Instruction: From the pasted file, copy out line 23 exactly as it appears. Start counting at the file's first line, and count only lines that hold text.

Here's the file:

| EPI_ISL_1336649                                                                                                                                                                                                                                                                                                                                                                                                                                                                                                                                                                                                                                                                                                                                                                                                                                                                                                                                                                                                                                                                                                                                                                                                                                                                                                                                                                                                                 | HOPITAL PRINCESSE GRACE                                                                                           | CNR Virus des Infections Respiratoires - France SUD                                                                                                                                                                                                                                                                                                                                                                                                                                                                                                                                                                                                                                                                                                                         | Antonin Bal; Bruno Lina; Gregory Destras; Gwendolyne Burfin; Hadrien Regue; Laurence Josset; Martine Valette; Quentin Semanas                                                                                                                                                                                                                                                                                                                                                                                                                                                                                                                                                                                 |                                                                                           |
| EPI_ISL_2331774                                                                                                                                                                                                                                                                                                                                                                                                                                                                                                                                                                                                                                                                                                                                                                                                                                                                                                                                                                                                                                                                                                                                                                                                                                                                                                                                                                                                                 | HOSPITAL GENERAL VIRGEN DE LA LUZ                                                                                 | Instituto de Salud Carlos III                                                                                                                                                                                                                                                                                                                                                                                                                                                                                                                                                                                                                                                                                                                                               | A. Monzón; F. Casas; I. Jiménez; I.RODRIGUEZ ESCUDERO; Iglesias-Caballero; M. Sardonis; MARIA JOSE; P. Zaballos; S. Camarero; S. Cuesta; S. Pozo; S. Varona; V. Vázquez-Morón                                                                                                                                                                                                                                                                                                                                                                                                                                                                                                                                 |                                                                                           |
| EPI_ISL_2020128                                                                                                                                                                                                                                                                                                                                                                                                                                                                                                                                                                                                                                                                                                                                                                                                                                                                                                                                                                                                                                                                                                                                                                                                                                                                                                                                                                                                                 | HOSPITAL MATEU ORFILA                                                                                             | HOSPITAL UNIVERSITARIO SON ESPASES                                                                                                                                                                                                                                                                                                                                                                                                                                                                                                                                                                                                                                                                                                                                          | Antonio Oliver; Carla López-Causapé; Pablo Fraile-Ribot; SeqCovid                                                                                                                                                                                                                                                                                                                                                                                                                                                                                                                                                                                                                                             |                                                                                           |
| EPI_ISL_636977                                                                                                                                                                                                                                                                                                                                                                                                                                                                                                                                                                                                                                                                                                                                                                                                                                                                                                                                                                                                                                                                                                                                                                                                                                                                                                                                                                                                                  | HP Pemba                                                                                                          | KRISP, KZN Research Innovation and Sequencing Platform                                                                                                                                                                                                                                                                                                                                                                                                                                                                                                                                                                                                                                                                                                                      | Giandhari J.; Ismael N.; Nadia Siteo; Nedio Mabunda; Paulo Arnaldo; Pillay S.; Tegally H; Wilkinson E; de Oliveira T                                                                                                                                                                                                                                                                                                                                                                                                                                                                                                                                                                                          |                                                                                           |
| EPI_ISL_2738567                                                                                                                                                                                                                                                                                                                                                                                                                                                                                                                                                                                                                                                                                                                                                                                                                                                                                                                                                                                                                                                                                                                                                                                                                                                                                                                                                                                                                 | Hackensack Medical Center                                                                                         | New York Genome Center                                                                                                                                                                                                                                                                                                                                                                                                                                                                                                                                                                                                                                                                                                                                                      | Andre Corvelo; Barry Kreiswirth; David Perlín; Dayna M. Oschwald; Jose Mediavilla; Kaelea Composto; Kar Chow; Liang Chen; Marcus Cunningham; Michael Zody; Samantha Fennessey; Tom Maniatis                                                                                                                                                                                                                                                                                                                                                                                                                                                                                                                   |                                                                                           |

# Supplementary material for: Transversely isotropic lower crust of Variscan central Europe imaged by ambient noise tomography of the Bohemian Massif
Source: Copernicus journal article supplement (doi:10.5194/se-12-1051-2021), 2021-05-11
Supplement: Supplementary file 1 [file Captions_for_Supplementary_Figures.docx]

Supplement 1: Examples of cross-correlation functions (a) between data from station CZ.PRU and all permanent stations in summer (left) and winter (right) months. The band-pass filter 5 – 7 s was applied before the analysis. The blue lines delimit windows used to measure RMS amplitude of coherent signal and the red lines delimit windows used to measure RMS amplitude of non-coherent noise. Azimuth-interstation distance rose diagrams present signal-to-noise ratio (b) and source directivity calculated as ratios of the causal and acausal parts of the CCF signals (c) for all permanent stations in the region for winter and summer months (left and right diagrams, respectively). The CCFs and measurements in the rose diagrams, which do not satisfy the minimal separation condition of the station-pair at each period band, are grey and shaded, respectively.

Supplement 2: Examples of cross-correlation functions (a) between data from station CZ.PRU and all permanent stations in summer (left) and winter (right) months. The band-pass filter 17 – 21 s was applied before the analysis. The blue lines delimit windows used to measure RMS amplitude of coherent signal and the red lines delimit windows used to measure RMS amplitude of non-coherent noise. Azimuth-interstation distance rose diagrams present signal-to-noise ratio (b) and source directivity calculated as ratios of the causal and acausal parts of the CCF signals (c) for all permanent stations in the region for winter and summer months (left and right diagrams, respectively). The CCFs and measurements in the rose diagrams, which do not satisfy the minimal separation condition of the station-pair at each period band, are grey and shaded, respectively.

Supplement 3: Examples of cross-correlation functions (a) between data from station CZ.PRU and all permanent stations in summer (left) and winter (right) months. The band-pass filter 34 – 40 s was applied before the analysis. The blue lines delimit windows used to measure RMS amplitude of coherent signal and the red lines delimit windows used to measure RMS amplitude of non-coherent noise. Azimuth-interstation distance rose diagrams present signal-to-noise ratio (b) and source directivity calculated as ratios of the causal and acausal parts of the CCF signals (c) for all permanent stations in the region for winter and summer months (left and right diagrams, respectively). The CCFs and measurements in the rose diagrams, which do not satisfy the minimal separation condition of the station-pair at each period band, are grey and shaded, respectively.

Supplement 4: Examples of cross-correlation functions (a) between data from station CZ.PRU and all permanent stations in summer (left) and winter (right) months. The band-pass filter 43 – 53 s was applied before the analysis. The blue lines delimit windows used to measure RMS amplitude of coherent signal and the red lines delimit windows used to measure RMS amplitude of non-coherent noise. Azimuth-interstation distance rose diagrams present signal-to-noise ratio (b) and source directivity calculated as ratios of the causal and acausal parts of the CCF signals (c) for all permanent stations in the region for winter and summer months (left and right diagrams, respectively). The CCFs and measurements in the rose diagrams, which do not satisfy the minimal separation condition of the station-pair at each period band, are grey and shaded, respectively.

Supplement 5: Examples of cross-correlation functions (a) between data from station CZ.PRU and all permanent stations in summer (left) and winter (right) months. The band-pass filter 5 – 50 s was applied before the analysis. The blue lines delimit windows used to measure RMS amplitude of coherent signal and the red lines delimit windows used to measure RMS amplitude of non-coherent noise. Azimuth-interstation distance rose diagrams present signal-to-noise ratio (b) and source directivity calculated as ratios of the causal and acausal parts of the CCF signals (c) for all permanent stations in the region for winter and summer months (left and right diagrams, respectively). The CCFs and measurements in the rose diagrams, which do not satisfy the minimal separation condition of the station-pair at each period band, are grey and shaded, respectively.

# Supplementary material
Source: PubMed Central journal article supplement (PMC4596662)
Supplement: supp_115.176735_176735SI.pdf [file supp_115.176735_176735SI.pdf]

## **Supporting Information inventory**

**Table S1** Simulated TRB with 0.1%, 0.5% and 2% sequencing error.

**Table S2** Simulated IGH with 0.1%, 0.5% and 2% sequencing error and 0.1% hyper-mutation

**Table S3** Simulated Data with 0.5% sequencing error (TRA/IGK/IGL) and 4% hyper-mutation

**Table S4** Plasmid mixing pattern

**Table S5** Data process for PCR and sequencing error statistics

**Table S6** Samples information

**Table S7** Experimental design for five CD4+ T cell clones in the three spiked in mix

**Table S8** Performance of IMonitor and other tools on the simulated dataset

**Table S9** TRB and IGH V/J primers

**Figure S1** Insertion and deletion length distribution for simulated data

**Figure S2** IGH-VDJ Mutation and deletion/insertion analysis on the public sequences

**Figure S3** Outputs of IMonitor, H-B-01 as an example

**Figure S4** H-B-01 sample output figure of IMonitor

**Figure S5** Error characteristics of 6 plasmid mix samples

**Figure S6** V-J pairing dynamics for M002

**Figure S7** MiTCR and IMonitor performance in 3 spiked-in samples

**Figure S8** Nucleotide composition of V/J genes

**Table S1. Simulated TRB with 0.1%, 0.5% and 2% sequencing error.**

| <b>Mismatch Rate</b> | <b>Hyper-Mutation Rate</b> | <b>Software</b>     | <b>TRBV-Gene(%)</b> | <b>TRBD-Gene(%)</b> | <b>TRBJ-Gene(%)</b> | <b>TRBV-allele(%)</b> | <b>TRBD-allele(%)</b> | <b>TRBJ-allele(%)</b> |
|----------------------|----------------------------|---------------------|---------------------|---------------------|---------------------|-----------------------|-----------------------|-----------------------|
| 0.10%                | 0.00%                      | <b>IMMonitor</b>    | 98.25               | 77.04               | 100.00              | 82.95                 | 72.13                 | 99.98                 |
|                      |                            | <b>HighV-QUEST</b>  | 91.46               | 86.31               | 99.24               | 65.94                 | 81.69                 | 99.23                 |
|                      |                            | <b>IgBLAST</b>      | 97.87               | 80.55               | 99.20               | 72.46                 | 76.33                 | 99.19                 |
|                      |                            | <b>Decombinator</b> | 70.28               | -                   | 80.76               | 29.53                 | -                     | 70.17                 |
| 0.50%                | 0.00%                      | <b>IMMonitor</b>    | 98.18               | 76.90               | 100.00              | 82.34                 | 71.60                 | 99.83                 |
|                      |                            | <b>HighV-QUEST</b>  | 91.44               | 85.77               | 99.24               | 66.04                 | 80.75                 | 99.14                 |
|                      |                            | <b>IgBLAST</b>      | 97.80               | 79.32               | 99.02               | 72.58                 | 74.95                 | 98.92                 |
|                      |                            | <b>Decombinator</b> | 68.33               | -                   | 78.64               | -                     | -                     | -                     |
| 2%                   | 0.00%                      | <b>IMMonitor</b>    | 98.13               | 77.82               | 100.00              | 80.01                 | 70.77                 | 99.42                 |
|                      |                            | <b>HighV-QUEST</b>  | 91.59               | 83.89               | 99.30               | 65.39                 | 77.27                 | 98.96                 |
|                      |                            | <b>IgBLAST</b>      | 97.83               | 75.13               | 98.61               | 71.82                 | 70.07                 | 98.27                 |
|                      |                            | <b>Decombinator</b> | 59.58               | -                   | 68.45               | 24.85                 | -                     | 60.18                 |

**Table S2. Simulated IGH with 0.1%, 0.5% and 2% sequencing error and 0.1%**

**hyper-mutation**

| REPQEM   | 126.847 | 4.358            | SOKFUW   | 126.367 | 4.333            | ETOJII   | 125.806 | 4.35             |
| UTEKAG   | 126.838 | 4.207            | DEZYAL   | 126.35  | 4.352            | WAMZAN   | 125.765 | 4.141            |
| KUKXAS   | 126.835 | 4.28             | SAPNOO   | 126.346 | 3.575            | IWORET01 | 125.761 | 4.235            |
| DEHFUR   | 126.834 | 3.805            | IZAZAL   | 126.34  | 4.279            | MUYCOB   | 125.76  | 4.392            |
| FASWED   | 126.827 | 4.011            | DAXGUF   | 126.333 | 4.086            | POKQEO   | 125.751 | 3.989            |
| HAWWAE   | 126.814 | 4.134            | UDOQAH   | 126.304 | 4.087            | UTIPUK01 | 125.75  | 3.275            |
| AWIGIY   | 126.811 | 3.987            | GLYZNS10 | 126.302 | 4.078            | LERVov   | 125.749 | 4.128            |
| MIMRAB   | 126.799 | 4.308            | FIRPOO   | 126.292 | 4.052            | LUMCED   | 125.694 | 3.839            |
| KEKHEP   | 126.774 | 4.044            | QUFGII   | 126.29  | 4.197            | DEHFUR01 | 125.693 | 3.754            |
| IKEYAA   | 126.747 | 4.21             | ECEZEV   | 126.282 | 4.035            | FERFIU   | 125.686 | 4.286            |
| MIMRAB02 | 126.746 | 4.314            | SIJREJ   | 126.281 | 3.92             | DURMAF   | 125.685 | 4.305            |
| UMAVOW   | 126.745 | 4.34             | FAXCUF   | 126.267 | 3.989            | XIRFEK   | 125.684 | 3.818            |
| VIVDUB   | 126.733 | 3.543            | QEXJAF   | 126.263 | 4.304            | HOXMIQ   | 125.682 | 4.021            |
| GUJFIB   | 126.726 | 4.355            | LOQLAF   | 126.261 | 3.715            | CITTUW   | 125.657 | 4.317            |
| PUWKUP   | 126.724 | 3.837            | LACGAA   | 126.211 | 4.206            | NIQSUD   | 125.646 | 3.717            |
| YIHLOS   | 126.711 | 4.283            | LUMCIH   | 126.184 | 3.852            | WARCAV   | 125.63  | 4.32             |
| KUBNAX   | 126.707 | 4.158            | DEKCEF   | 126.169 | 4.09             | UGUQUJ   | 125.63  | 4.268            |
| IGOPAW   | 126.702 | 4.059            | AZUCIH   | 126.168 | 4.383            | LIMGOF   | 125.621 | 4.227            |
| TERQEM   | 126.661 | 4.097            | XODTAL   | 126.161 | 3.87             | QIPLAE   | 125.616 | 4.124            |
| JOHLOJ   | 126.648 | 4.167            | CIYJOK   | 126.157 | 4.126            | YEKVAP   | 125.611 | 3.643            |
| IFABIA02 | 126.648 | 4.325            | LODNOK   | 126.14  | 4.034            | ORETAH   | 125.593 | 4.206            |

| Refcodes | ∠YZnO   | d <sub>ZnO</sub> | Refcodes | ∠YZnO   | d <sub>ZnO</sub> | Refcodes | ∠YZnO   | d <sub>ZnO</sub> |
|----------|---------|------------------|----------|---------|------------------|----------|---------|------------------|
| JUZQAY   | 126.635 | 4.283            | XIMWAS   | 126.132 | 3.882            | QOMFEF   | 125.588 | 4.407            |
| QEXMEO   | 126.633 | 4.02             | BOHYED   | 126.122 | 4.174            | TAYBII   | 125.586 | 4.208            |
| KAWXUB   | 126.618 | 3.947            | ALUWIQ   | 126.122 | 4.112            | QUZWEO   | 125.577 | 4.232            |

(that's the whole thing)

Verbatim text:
**Table S6** Samples information